Not only is she offering her talent to the masses, local singer Art Auré is using her voice to empower Black women with endometriosis. (Courtesy Photo)

By Nadine Matthews
Special to the AFRO

When vocalist and Duke Ellington School of The Arts graduate Arte Auré was seven years-old she ran to her teacher and said she wasn’t feeling well.  Her pleas were brushed off. 

“I can remember,” Auré told the AFRO. “Minutes later everything just turned white. My lips were numb. I heard someone say, ‘Oh my gosh, she fainted!’” The next thing Auré remembers is the appearance of paramedics. 

Auré lived with the type of symptoms that brought the paramedics to her school for 20 years until she finally got an official diagnosis of endometriosis in 2019.

Although there aren’t many outward signs, with an illness like endometriosis, sometimes called “endo,” symptoms can vary wildly.  They include fatigue, nausea, pain with intercourse, pain with menstruation, pain with urination and bleeding in between periods among others. “That’s the thing with endometriosis,” the Washington D.C. native stated, “You don’t look like you have anything wrong with you. There’s all these different things, and you just have to listen to your body.”

Auré, who can sing in six languages, started writing songs at seven and performing with her musician father- who also performed with the relatives of the Jackson Five. As the eldest of five children, once her siblings were old enough, they all performed together at local talent shows. “I always knew I wanted to be a singer,” Auré emphasized. 

Describing her music as “pop soul” Auré stated, “What I’m doing is bringing positivity to the forefront, and it’s great that people are receiving it so well.  My music is empowering,  inspirational,  good times.  It’s all family friendly music.”

A search on the social media platform Clubhouse connected Auré with Endo Black, a community run by a non-profit organization of the same name started by Oxon Hill, Md. native Lauren Kornegay.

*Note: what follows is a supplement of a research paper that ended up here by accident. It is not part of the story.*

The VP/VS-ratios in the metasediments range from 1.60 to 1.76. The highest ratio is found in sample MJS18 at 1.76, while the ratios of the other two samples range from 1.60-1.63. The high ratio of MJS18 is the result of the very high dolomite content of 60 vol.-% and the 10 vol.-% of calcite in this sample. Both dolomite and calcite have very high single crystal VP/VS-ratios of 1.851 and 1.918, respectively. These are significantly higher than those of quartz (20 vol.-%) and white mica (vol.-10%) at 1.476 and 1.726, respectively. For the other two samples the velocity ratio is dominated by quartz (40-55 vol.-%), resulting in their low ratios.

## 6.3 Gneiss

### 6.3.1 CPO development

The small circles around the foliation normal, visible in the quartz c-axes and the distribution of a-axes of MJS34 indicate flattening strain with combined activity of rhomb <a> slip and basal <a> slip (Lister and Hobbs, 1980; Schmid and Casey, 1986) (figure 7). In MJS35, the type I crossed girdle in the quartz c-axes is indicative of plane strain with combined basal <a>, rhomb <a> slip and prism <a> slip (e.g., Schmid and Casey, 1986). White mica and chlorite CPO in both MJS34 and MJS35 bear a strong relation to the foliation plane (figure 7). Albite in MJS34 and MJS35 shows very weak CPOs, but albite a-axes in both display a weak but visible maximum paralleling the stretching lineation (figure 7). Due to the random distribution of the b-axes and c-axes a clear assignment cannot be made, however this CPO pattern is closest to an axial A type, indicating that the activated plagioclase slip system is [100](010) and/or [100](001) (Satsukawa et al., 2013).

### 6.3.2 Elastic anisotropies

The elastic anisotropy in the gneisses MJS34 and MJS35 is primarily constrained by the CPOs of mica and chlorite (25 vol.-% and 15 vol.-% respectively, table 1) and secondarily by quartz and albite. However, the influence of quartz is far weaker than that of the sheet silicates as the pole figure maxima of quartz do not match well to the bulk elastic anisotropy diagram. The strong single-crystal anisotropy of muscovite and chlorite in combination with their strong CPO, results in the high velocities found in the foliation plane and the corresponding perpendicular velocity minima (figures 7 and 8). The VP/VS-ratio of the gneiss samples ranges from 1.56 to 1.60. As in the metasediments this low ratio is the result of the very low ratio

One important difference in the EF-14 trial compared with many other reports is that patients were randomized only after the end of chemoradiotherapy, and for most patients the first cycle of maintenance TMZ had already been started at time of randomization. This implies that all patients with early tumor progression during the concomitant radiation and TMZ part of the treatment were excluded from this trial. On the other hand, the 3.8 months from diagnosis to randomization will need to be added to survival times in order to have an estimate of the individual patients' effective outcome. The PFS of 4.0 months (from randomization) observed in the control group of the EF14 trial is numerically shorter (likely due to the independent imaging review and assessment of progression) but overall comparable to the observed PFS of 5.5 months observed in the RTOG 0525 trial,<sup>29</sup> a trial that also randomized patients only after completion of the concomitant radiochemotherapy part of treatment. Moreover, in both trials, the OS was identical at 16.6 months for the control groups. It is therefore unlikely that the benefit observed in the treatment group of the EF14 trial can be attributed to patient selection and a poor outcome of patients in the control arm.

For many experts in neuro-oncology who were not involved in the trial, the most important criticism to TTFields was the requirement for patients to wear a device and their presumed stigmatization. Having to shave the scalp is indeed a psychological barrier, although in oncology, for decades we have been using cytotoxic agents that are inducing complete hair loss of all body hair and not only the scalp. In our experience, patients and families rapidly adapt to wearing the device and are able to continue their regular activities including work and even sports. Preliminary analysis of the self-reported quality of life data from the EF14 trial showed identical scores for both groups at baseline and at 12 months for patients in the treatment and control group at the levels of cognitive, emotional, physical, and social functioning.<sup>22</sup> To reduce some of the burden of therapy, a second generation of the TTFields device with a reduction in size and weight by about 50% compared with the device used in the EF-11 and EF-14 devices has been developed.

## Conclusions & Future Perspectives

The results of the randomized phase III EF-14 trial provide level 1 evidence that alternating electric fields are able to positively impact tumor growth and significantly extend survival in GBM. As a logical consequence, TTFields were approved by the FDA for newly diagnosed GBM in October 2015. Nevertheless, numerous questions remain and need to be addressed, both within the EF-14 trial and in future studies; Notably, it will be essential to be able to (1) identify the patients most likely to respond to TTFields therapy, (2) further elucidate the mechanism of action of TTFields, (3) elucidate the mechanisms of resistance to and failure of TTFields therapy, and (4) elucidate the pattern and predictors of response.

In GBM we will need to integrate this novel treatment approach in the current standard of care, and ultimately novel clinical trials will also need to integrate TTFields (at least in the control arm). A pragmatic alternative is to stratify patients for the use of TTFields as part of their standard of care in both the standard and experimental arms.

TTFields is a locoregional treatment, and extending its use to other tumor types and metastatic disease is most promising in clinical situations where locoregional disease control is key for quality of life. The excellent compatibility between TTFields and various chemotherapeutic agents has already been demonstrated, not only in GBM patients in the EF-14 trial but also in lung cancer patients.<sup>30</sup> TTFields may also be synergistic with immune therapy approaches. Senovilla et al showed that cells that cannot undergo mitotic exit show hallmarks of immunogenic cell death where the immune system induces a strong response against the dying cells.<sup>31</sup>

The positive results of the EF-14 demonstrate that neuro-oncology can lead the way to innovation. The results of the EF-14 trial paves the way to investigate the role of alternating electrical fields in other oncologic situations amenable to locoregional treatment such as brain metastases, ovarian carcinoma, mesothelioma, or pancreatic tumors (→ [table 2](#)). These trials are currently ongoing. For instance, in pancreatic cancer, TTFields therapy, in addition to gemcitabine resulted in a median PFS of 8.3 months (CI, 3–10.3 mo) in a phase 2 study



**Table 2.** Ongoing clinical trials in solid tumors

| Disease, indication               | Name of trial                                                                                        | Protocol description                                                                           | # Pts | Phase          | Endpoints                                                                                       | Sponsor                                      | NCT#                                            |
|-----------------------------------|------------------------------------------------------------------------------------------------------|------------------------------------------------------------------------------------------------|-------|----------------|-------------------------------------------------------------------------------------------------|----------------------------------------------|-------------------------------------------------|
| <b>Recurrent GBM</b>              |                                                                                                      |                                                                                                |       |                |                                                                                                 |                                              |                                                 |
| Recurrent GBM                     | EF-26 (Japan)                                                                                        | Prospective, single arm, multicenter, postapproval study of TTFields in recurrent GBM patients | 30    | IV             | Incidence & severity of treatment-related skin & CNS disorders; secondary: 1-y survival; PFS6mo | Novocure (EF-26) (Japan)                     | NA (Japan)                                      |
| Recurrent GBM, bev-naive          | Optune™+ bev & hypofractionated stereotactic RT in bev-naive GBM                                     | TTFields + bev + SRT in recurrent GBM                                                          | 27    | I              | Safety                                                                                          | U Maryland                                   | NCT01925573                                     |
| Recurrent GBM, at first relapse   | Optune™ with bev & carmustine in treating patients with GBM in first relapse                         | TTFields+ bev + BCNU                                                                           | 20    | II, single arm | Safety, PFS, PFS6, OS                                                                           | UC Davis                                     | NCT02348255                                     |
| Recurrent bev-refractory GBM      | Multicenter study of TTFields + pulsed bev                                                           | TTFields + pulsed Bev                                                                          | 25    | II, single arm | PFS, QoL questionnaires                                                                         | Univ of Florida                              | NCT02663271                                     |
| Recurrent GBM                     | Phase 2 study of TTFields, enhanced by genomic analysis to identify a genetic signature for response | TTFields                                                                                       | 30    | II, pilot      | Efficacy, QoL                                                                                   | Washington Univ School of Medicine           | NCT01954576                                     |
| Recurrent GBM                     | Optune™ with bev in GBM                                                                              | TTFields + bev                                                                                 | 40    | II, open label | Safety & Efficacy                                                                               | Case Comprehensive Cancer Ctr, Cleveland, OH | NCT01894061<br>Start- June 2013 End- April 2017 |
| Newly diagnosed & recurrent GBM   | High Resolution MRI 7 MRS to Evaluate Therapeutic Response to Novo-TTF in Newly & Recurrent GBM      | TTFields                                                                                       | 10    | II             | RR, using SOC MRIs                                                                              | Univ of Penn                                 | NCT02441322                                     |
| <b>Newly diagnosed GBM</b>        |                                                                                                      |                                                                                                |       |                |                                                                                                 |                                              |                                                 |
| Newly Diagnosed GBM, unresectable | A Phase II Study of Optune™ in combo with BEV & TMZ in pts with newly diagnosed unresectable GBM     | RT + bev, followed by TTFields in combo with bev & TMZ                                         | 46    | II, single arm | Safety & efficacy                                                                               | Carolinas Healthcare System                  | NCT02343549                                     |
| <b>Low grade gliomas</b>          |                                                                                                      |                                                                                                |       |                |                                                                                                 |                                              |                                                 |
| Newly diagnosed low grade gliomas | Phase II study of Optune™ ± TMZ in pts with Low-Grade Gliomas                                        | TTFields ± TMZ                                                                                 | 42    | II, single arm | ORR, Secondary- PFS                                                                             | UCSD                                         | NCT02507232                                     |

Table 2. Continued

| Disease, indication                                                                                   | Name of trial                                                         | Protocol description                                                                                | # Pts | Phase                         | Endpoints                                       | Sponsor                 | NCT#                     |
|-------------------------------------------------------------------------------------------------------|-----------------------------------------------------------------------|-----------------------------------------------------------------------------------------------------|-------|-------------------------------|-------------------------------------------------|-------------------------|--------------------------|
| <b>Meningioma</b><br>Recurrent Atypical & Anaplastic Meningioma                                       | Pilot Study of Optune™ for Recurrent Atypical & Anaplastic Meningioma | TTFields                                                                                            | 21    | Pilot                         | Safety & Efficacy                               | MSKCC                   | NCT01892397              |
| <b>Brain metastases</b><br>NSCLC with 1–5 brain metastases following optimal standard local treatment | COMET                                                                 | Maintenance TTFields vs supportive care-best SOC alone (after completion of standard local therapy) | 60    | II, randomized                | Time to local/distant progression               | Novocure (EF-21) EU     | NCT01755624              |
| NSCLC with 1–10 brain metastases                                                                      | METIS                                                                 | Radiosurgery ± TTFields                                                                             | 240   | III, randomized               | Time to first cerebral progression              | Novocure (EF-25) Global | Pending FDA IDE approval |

“I had to start doing pelvic rehabilitation therapy. My therapist gave me a list of resources for advocates and support and I joined but I never saw any geared toward African-Americans.” 

Auré said she was elated to find Kornegay’s Clubhouse group. “I’m a part of these communities and I don’t feel so alone with this disease anymore. I was elated to find out there was something out there especially for us.  In the medical field, we are excluded from a lot of different things and it’s very empowering to not feel so alone,” the vocalist explained.

Kornegay, who also spoke to the AFRO, echoed some of Auré’s sentiments, which initially drove her to start the group in 2015.  “In the support groups, I would ask if there were women of color with endometriosis,” Kornegay said. “And I would get shut down with people saying things like, ‘race doesn’t matter.’ Many of them didn’t know about the race disparities in health.” 

Kornegay said she started the organization in 2015 because of the panoply of issues she had been dealing with for a few years, stemming from the condition, and the relative feeling of isolation she had as a Black woman in the endometriosis community. “I wanted to create a safe atmosphere, when people don’t feel safe they shut down and when you shut down you don’t get the help you need.”

Endo Black also strives to create educational dialogue around reproductive health, create genuine bonds within the endo community and examine laws, regulations and policies to see how they affect women with endometriosis.

In addition to finding the group a salve, Auré also connected with  Kornegay personally and shared some of her music. This resulted in Kornegay asking Auré to perform at the group’s first annual conference March 19-21. 

“It’s a full circle moment for me,” Auré said. “Living with endo my whole life, singing my whole life and now performing for Endo Black.”

The conference covered an array of issues, including: endo and business, health equity, motherhood and endometriosis, and a “state of Black endometriosis address,” Kornegay explained. Actress Tia Mowry, who has been very open about her struggles with endometriosis, will also be a featured guest at the conference.

Auré will also get a chance to share her story with the community, which regularly  has people from all over the world tuning in to its weekly discussions on Clubhouse. “I’ll be talking about my struggles with endometriosis, my journey, as well as a few tips.”